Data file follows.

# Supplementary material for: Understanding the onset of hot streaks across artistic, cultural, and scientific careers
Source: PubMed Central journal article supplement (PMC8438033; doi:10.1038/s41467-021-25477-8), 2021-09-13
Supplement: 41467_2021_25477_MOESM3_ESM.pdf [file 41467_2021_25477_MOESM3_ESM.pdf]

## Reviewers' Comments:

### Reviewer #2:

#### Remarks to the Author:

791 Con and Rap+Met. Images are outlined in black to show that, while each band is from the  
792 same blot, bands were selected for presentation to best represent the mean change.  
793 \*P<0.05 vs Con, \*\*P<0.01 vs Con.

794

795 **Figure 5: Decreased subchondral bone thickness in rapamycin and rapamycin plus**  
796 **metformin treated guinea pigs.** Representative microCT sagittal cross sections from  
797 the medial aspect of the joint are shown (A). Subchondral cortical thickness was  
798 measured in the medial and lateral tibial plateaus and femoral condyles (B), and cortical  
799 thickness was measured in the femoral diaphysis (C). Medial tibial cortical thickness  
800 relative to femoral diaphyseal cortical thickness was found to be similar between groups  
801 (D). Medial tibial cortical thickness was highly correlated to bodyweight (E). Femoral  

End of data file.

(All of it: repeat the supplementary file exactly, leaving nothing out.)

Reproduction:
# Supplementary material for: Understanding the onset of hot streaks across artistic, cultural, and scientific careers
Source: PubMed Central journal article supplement (PMC8438033; doi:10.1038/s41467-021-25477-8), 2021-09-13
Supplement: 41467_2021_25477_MOESM3_ESM.pdf [file 41467_2021_25477_MOESM3_ESM.pdf]

## Reviewers' Comments:

### Reviewer #2:

#### Remarks to the Author:

791 Con and Rap+Met. Images are outlined in black to show that, while each band is from the  
792 same blot, bands were selected for presentation to best represent the mean change.  
793 \*P<0.05 vs Con, \*\*P<0.01 vs Con.

794

795 **Figure 5: Decreased subchondral bone thickness in rapamycin and rapamycin plus**  
796 **metformin treated guinea pigs.** Representative microCT sagittal cross sections from  
797 the medial aspect of the joint are shown (A). Subchondral cortical thickness was  
798 measured in the medial and lateral tibial plateaus and femoral condyles (B), and cortical  
799 thickness was measured in the femoral diaphysis (C). Medial tibial cortical thickness  
800 relative to femoral diaphyseal cortical thickness was found to be similar between groups  
801 (D). Medial tibial cortical thickness was highly correlated to bodyweight (E). Femoral  